Wyo-fed wolf talks fail. By Whitney Royster. Casper Star Tribune.

Story in the Jackson Hole News and Guide. Wolf Decision ‘Political’ 

The US Fish and Wildlife Service has refused to let Wyoming kill wolves just because the governor says the wolves are “hurting big game herds.” Governor Dave Freudenthal (Dem.) has given many contradictory explanations how wolves are hurting big game in Wyoming, outside Yellowstone National Park.

Several weeks ago the Service indicated they might go along with Wyoming’s wolf management plan, which they had long held to be defective. Bills for new Wyoming wolf management plans were introduced in the state legislature (which will now soon adjourn). The bills, however, tended to make Wyoming’s proposed wolf management, which had already been rejected twice, even more hostile to the presence of wolves.

Perhaps sensing the Service would not accept an even more hostile wolf plan, Wyoming’s governor asked the U.S. Wildlife Service to let Wyoming kill wolves while the state and the federal government dickered during the next year (and perhaps beyond).

The talks ended yesterday in what Whitney Royster (above) wrote was “a high-spirited, often angry and name-calling press conference.”

Freudenthal has been inconsistent to why he regards the wolves as such a problem. Earlier he said they were decimating Wyoming’s big game herds. Later he said the wolves weren’t, but would. At any rate, their presence had made hunting more difficult because the wolves have changed the behavior of big game, implying is was too hard for Wyoming hunters to learn to adapt.

I have argued for many years, that Wyoming doesn want to really manage wolves. Instead the goal is either “a prison” for them in Yellowstone Park, or the current situation which provides an often useful emotional issue to be raised whenever other political events draw the public’s attention.

It now appears that Wyoming wolves will continue under federal management and might be safer than Idaho wolves which will soon be subject to a hunt, for which Idaho’s new governor, Butch Otter, suggests a population reduction of 80%. Idaho went forward with a minimal wolf plan, crafted by livestock interests, which was approved serveral years ago by USFWS, but only goes into full effect when wolves are fully delisted. That could be by next fall.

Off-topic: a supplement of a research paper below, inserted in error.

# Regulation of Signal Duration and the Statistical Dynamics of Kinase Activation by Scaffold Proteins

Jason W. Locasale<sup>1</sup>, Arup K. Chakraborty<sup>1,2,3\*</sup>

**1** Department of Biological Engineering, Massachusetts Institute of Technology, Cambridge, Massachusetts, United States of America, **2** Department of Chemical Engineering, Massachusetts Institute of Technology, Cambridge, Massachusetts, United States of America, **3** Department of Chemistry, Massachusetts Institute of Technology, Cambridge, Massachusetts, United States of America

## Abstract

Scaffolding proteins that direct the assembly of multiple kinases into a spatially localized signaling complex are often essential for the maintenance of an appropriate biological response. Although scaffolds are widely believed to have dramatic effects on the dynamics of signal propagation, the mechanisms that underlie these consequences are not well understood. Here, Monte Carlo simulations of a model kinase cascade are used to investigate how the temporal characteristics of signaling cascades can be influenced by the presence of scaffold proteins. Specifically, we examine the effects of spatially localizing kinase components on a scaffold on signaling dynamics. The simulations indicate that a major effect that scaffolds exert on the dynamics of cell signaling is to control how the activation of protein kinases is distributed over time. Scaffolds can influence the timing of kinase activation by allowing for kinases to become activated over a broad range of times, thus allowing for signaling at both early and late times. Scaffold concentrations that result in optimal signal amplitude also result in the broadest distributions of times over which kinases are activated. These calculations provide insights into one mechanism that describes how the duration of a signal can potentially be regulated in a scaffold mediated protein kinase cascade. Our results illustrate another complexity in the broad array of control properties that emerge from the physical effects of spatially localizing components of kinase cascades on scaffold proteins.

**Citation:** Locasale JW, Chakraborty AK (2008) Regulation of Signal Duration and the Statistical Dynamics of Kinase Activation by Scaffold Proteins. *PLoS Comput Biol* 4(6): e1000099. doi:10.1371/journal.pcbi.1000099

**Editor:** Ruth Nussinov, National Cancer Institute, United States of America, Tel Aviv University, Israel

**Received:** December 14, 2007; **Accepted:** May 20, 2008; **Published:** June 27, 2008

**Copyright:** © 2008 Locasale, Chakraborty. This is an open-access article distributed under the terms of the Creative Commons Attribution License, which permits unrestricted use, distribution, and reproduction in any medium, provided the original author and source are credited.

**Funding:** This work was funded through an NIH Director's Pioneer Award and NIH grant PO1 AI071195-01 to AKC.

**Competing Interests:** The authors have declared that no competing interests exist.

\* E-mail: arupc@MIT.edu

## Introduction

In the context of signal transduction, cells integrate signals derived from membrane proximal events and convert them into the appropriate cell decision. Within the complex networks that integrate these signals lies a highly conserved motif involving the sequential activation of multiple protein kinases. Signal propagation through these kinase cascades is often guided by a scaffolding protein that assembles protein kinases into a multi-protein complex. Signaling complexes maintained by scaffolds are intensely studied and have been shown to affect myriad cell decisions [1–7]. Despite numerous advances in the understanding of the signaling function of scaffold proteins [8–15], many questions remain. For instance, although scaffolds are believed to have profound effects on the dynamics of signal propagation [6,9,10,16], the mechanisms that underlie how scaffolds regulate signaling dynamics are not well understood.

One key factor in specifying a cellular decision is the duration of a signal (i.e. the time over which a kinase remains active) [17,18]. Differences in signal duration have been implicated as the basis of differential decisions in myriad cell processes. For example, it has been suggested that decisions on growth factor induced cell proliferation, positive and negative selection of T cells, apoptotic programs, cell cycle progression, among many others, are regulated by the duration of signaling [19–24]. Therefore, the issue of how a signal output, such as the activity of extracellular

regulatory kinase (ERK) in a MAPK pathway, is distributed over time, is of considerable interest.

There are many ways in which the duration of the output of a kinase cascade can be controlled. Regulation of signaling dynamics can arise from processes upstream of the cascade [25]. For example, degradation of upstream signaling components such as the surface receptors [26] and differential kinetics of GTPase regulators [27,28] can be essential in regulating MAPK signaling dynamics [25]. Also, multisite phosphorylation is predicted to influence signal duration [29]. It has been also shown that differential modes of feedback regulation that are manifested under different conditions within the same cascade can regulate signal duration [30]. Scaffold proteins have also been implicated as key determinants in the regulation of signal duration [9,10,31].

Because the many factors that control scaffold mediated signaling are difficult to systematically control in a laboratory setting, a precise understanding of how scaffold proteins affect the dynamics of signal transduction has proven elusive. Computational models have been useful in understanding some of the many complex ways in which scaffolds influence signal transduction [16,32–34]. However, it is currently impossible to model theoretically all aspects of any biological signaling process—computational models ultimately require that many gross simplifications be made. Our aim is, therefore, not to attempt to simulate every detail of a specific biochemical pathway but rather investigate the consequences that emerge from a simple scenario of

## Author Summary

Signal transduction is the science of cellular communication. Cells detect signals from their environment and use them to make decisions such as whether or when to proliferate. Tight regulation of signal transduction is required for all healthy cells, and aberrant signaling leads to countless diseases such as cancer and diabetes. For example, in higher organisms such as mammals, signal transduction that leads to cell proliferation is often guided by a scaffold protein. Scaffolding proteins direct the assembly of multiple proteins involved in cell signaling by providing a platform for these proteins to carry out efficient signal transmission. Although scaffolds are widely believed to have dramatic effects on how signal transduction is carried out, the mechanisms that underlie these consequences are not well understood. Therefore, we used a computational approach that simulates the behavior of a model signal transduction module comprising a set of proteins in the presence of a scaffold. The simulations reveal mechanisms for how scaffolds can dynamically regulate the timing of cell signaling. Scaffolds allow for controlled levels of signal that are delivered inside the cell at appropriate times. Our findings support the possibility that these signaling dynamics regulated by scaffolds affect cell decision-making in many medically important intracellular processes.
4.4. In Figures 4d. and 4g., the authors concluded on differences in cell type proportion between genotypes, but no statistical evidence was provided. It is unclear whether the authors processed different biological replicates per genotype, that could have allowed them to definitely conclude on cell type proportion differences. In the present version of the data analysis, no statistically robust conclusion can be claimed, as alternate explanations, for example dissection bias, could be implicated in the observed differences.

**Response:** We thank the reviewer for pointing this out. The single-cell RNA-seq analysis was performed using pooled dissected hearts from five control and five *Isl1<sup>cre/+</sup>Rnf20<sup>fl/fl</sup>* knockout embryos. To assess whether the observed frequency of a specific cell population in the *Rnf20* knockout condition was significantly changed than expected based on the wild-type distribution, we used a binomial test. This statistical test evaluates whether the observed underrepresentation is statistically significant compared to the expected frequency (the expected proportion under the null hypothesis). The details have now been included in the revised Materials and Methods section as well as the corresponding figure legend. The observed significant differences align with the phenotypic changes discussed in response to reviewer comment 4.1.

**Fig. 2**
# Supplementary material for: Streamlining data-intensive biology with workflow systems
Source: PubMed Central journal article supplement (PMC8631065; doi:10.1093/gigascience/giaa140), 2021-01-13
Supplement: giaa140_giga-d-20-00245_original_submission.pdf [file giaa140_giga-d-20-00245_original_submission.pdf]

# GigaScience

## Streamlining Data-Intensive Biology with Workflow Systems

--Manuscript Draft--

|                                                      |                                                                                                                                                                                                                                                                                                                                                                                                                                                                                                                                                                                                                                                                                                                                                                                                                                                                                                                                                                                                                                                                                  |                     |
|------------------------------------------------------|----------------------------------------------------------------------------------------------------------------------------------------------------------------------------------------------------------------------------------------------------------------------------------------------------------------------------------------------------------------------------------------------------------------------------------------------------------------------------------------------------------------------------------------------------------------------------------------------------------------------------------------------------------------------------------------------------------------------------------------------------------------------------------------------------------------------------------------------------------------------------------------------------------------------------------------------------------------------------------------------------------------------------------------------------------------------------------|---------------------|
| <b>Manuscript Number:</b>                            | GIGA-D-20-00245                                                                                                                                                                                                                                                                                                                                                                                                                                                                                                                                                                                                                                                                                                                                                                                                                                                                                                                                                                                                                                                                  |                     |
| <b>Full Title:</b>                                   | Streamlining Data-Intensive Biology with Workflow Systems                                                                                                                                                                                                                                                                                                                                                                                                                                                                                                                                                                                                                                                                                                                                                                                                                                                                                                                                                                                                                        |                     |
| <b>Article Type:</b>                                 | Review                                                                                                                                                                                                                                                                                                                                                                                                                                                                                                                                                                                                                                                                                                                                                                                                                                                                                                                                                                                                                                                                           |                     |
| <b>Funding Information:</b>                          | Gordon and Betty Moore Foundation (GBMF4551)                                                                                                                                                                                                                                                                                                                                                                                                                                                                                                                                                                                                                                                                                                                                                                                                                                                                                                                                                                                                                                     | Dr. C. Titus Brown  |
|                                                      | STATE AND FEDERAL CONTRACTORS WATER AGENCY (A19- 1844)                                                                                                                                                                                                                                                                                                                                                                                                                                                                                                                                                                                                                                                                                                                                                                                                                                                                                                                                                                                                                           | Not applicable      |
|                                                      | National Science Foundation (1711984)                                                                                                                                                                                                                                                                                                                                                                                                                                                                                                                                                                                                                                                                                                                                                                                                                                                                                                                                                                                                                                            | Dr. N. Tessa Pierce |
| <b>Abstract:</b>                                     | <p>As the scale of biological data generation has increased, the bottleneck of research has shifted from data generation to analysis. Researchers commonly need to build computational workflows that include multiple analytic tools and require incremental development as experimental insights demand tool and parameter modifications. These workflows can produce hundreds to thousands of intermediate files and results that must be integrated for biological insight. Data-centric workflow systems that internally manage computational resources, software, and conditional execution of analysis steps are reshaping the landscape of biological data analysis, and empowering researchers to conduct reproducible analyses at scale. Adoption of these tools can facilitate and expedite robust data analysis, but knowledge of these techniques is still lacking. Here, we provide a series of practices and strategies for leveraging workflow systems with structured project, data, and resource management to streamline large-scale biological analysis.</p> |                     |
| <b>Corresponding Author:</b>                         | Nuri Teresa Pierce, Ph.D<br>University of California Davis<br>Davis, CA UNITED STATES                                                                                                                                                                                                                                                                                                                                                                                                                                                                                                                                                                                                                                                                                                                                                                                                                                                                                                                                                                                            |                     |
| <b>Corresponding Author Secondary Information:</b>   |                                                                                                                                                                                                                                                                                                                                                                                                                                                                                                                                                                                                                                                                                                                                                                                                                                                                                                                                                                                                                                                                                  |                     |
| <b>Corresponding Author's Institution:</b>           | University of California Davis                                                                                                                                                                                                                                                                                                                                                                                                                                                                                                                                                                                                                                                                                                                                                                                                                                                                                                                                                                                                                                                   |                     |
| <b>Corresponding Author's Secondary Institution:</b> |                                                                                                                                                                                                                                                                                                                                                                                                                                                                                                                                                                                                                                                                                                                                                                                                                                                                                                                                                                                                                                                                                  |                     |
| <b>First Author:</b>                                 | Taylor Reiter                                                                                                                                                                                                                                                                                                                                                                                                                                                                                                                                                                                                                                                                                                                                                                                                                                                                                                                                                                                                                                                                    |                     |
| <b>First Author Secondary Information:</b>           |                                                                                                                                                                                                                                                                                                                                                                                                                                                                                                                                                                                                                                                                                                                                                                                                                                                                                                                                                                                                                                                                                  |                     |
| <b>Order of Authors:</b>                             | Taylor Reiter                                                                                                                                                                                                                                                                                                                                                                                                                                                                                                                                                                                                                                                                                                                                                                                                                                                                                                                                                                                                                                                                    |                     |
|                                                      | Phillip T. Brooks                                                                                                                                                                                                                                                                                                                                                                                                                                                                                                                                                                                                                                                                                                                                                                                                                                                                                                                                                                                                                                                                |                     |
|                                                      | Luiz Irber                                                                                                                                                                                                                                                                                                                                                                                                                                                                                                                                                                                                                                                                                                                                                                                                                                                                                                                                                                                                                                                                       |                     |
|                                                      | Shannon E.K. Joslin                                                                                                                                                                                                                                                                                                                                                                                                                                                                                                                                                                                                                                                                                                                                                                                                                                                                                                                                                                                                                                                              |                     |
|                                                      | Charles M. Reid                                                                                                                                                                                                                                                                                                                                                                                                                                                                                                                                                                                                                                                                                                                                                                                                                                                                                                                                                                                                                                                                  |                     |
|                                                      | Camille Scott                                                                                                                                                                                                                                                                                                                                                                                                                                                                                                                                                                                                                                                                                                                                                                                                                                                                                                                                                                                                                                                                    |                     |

Currently the USFWS is requesting your comments on their proposed wolf delisting in Idaho and Montana (but not Wyoming).

 
avatar
About The Author

Ralph Maughan

Dr. Ralph Maughan is professor emeritus of political science at Idaho State University with specialties in natural resource politics, public opinion, interest groups, political parties, voting and elections. Aside from academic publications, he is author or co-author of three hiking/backpacking guides, and he is President of the Western Watersheds Project.

7 Responses to Wyo-fed wolf talks fail. Wolves safe?

  1. avatar Buffaloed says:

    Is there any implications for Idaho and Montana wolves because of this? Didn’t the original plan call for all three states having acceptable managment plans before delisting? It seems to me that there is a lawsuit there that someone is likely to file regardless of its effectiveness in slowing or stopping the delisting process.

    I’m not asking about the strategy of the wolf groups but it seems that the original plan is not being followed.

  2. avatar Bob Fanning says:

    answer to Buffaloed

    Yes, any Agency administrative ruling or order to delist wolves will result in automatic lawsuits from enviro /animal rights orgs. who have already promised 1/30/07 to sue.
    Those organizations only have ‘standing’ to sue once they have been ‘harmed’ by aforementioned Administrative order.
    Untill then, those enviro/animal rights orgs. are relegated to the sidlines as spectators.

    Ralph, get a written legal opinion from “Earth Justice ” before you jump to conclusions.

  3. Buffaloed, I don’t think they are following the delisting plan; and Bob, don’t be cryptic. What do you want to say be behalf of your group?

  4. avatar Robert Hoskins says:

    Having just read the actual delisting proposal as published in the Federal Register, it’s clear that the FWS is:

    1) Capitulating to Wyoming’s use of the “predatory animal” classification for three-quarters of the state and